The Army is continuing to violate its commitment to perform comprehensive archeological investigations of areas at the Makua Military Reservation on O'ahu, according to a new government document received by Earthjustice. The document, a draft environmental impact statement for military training at the live-fire training facility, also shows the military has broken its promise to the Wai'anae community to consider training locations other than Makua.
The draft EIS is the result of an October 2001 settlement agreement between the Army and Malama Makua (represented by Earthjustice),
Earthjustice secured an advanced copy of the draft EIS earlier this week. It reveals the Army has failed to conduct archeological surveys of all areas within Makua's Company Combined-Arms Assault Course ("CCAAC") and of areas outside the CCAAC that might be hit by artillery and mortar shells, in violation of the 2001 settlement. The Army has also refused to consider locations other than Makua, where live-fire training could be conducted with less harm to irreplaceable cultural and biological resources, violating both its obligations under the National Environmental Policy Act and its promises during public scoping for the EIS in 2002 that it would explore such alternatives.
"The EIS is supposed to give the Army and the public the information they need to decide whether to allow training at Makua," said Malama Makua spokesman Fred Dodge. "That's why, when we settled our lawsuit, we insisted that the Army agree to carry out comprehensive archeological surveys of the areas where mis-fired mortar or artillery shells could destroy cultural sites. The Army's failure to hold up its end of the bargain makes this EIS useless for making an informed decision about training at Makua."
Makua, which means "parents" in Hawaiian, is a sacred site, rich in cultural resources. Over 100 Native Hawaiian cultural sites have been identified at Makua, including heiau (Hawaiian temples), ahu (altars), burials and petroglyphs. The 2001 settlement required the Army to complete, as part of the EIS process, surface and subsurface archeological surveys of all areas within the CCAAC training area and surface archeological surveys of all "surface danger zone" areas (areas artillery and mortar shells might land) outside the south firebreak road. For areas suspected of containing improved conventional munitions ("ICMs"), the Army committed to making good faith efforts to secure waivers to conduct the required archeological surveys.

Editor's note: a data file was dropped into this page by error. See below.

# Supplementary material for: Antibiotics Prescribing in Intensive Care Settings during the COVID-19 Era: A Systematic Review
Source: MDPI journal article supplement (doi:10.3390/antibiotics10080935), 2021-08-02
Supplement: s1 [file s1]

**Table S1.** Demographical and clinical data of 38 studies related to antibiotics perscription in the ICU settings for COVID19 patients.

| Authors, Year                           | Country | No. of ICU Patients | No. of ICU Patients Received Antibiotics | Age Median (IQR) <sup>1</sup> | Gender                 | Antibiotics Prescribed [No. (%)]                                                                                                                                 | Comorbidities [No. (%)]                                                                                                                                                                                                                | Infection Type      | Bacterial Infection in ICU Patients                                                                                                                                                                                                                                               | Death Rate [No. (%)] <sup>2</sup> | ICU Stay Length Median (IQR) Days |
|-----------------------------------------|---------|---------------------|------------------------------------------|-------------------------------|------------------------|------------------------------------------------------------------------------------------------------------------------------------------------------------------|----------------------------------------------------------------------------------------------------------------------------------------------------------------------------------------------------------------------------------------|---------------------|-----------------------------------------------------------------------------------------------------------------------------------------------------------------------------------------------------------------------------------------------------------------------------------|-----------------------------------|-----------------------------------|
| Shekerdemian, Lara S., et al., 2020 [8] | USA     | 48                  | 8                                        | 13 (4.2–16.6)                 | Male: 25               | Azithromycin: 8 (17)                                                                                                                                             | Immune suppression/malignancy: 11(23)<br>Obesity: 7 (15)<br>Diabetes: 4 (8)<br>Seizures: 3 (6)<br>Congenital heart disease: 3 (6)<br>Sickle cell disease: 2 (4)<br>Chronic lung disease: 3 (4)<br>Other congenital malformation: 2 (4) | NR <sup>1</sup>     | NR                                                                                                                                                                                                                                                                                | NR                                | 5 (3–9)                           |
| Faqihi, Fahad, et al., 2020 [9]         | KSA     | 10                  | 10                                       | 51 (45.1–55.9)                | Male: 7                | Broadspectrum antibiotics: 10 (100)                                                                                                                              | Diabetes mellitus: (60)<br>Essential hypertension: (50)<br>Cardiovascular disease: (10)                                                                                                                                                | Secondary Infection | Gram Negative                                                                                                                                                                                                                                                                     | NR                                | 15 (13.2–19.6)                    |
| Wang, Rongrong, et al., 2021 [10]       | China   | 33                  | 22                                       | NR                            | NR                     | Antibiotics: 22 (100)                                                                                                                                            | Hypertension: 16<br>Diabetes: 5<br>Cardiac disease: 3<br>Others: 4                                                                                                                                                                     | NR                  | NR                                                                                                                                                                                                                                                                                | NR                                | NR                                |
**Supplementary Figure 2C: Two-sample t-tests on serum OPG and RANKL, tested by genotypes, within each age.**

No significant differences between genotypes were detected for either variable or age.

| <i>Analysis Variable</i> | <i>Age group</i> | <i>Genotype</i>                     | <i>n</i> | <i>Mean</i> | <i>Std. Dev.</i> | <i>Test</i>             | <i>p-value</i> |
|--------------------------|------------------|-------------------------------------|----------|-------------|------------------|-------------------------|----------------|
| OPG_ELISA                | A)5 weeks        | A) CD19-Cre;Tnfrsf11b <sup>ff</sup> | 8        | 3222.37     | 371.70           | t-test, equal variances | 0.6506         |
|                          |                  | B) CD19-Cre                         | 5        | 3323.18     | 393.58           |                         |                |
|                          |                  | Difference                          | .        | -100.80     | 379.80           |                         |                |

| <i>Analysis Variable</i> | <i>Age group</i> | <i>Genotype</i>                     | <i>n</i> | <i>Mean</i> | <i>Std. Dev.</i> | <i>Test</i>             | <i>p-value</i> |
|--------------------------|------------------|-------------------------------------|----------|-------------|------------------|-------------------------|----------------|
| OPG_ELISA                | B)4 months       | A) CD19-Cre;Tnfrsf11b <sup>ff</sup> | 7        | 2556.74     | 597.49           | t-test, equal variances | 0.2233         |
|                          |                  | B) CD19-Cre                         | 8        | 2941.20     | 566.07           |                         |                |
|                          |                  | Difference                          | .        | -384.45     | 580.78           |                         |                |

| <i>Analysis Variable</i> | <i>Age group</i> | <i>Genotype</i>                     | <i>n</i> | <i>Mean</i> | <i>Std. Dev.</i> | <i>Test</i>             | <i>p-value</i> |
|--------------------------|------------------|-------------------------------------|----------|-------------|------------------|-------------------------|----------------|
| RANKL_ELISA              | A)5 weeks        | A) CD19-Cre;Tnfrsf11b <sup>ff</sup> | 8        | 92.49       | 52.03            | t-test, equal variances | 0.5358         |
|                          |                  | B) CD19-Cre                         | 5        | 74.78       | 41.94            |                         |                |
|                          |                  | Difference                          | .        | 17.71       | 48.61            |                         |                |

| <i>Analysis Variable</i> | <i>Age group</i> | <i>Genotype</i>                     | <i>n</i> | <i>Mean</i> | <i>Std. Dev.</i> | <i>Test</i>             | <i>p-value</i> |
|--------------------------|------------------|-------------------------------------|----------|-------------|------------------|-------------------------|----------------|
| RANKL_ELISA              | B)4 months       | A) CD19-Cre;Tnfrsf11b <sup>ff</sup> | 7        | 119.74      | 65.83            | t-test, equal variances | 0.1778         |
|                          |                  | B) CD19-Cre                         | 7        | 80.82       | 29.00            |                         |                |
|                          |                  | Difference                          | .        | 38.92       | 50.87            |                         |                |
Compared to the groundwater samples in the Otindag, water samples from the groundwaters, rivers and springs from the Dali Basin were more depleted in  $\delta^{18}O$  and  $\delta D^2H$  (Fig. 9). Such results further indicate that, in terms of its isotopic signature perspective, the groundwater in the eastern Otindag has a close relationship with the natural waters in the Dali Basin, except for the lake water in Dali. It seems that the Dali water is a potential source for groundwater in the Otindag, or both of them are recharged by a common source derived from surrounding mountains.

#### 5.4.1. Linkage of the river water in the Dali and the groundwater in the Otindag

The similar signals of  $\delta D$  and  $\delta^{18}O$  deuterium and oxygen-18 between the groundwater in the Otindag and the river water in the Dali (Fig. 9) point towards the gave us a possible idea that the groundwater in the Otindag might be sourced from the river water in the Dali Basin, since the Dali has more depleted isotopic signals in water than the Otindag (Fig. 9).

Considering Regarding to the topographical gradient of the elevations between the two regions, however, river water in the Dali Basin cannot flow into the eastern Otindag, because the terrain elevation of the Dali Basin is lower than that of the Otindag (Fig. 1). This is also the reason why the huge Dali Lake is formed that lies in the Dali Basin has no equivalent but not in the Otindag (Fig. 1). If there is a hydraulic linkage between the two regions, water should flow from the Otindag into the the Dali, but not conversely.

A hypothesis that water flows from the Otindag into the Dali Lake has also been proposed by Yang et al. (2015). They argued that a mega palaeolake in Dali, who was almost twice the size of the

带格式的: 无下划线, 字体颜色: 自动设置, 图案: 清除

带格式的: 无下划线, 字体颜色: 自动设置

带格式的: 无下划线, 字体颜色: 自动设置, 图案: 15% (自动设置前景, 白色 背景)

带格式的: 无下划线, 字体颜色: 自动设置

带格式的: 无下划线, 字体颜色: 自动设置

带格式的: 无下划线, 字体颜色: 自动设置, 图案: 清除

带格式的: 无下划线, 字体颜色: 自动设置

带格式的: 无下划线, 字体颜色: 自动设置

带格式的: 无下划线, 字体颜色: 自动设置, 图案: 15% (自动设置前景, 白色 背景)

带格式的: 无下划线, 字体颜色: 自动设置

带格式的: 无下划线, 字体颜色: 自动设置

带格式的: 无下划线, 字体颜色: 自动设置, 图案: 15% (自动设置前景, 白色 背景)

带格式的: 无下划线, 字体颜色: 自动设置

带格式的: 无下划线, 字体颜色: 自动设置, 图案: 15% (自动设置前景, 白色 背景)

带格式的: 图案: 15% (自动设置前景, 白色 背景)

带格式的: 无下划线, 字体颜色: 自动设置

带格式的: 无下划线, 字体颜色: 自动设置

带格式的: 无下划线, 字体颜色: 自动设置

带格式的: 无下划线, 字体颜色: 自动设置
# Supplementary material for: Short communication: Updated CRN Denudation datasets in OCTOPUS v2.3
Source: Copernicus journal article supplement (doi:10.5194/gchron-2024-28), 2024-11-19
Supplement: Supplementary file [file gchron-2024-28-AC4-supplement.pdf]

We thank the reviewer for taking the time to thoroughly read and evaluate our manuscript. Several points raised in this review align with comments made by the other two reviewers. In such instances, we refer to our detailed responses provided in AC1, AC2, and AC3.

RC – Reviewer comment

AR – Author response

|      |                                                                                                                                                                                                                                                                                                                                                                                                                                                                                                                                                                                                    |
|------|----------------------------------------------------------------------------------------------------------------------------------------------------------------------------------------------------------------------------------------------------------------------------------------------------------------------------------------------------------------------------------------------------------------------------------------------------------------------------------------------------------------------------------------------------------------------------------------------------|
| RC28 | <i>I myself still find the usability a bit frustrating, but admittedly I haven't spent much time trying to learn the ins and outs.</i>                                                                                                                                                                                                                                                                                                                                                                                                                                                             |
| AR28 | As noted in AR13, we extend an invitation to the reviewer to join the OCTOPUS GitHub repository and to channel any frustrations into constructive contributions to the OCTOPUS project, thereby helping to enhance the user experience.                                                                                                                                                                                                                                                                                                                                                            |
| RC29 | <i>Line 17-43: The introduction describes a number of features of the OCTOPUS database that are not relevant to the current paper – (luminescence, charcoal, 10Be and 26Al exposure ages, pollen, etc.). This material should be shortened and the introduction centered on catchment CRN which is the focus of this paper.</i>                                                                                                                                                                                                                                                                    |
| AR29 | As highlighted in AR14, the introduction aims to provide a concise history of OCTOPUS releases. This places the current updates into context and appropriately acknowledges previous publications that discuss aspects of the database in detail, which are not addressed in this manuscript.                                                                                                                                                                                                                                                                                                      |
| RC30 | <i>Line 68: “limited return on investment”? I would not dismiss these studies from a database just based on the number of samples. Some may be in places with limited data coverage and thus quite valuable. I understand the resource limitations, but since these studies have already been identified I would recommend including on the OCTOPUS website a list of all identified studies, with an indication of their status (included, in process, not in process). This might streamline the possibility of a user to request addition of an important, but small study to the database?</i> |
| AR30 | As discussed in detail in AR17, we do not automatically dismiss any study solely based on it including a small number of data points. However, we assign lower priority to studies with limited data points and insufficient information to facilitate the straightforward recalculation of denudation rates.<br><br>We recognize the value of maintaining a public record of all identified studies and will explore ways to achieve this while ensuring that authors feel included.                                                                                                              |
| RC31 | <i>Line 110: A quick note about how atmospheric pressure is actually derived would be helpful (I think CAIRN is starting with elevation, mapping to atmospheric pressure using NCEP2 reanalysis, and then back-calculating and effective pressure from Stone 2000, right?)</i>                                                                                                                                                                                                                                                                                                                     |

"After signing the settlement in 2001, the Army did absolutely nothing for over two and a half years to try to get a waiver," said Earthjustice attorney David Henkin. "It still has never submitted a complete waiver request. I don't call that 'good faith."
When the Army invited the public to provide input on the EIS's scope in 2002, it promised to consider locations other than Makua for military training, including training at Pöhakuloa Training Area on Hawai'i Island and building a replacement facility at another Army facility on O'ahu. Because of Makua's cultural and biological importance, the public endorsed the Army's proposals, particularly urging the Army to consider re-configuring facilities at Schofield Barracks to accommodate company-level training. In the draft EIS, the Army categorically refuses to consider any alternate locations for training.
"The Army may have a short memory because its commanders change every couple of years, but we don't," said Malama Makua president Sparky Rodrigues. "We're going to hold the Army to their promise to take an honest look at moving training out of Makua. We owe it to our children and children's children to protect this sacred place."
"When the Army wants to do something, like bringing Strykers to Hawai'i, it says spending hundreds of millions of dollars to move ranges at Schofield and build new facilities at Pöhakuloa is no big deal," noted Dodge. "When the community wants the Army to protect Makua by training elsewhere, all of a sudden, it's 'no can.' That's just not right."
The alternatives section is considered the heart of the EIS. To allow for an informed choice by the Army and the public, the EIS must evaluate alternatives that would avoid or minimize adverse impacts to the environment. In addition to scores of cultural sites, fifty endangered and threatened species – as well as thousands of acres of native forest habitat on which they depend – are threatened by live-fire training at Makua.
"When you consider that the Army has trained at Makua only 26 times in the last seven years, the Army's claim that Makua is vital to its mission looks pretty dubious," said Henkin. "In fact, the Army didn't even use 11 of the training exercises allowed under the 2001 settlement."
From September 1998 until October 2001, Makua was closed to live-fire training pursuant to an earlier settlement agreement between the Army and Malama Makua (represented by Earthjustice). The 2001 settlement authorized the Army to conduct up to 37 live-fire exercises at Makua while preparing the EIS.